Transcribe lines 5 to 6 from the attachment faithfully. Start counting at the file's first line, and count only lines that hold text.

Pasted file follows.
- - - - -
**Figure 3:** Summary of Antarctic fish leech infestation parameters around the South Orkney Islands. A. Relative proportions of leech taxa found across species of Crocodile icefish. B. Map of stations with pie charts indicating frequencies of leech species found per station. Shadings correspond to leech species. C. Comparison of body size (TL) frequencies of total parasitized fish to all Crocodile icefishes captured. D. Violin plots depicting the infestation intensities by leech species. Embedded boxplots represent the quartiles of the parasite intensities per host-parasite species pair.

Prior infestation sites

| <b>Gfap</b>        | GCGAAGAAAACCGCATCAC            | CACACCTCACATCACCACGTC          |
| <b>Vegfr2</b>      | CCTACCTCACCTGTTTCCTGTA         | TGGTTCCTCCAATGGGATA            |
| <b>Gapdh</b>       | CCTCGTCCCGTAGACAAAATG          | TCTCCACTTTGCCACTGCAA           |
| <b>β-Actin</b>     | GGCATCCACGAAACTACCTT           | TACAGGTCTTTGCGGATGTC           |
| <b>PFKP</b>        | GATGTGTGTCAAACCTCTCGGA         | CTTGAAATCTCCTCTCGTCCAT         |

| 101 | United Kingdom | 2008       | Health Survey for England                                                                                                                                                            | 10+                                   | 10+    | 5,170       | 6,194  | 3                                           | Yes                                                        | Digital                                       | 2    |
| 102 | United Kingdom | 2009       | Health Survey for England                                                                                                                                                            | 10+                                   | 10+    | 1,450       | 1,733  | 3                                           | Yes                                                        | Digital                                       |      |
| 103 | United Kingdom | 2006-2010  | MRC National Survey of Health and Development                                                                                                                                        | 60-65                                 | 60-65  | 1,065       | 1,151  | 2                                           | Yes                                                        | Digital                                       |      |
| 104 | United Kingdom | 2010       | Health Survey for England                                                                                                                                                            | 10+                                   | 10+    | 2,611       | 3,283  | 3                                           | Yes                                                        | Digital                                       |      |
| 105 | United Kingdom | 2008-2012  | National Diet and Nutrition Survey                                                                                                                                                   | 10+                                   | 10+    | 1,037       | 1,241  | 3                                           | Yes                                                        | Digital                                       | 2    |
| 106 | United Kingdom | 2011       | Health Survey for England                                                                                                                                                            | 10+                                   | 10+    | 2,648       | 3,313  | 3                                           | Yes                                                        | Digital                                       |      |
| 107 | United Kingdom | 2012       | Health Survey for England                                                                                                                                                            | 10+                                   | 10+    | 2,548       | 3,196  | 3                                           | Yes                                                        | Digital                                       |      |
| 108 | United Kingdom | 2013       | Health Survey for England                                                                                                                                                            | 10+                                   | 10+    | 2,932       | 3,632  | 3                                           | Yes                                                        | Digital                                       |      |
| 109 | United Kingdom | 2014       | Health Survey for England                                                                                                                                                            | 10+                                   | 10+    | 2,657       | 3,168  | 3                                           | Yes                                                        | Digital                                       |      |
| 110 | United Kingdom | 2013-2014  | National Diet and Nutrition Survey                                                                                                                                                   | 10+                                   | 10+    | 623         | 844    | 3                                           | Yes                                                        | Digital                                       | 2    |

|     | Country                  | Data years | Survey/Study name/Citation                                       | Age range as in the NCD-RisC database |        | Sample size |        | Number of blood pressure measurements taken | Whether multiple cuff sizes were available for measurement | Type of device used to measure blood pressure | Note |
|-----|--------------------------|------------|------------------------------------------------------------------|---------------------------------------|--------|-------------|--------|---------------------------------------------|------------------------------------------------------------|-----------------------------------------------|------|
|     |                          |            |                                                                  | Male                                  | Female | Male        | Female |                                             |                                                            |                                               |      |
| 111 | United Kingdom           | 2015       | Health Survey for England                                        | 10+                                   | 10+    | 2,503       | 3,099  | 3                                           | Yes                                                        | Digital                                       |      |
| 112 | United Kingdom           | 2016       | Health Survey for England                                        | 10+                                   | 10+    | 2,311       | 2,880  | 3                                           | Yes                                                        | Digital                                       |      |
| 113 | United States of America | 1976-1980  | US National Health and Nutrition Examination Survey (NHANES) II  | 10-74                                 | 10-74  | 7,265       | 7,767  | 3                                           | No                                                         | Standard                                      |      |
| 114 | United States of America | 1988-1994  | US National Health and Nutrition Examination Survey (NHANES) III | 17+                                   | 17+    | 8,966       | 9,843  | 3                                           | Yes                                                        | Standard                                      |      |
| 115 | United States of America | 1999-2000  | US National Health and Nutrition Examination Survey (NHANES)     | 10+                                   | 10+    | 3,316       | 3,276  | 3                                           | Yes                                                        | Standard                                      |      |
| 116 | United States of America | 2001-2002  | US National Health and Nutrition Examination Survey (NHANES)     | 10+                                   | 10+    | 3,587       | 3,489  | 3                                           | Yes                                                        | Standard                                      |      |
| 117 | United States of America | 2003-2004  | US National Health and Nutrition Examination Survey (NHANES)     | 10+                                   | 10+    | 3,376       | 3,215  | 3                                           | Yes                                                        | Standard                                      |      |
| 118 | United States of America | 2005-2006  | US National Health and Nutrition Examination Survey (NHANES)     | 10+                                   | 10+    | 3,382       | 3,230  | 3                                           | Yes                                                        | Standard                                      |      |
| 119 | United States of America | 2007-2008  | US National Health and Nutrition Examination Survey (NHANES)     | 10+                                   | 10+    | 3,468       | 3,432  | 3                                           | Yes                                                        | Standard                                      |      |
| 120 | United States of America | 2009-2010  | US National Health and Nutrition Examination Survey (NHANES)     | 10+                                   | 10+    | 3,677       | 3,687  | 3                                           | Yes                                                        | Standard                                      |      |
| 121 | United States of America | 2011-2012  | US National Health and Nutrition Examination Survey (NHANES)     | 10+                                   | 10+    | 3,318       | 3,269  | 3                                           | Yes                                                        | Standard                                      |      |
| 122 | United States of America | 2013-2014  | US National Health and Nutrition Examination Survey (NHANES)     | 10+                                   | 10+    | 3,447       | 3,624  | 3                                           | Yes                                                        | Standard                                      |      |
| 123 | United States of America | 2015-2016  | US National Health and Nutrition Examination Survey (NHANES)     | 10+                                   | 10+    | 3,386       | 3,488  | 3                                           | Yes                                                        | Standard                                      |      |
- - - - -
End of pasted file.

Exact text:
| <b>Gapdh</b>       | CCTCGTCCCGTAGACAAAATG          | TCTCCACTTTGCCACTGCAA           |
| <b>β-Actin</b>     | GGCATCCACGAAACTACCTT           | TACAGGTCTTTGCGGATGTC           |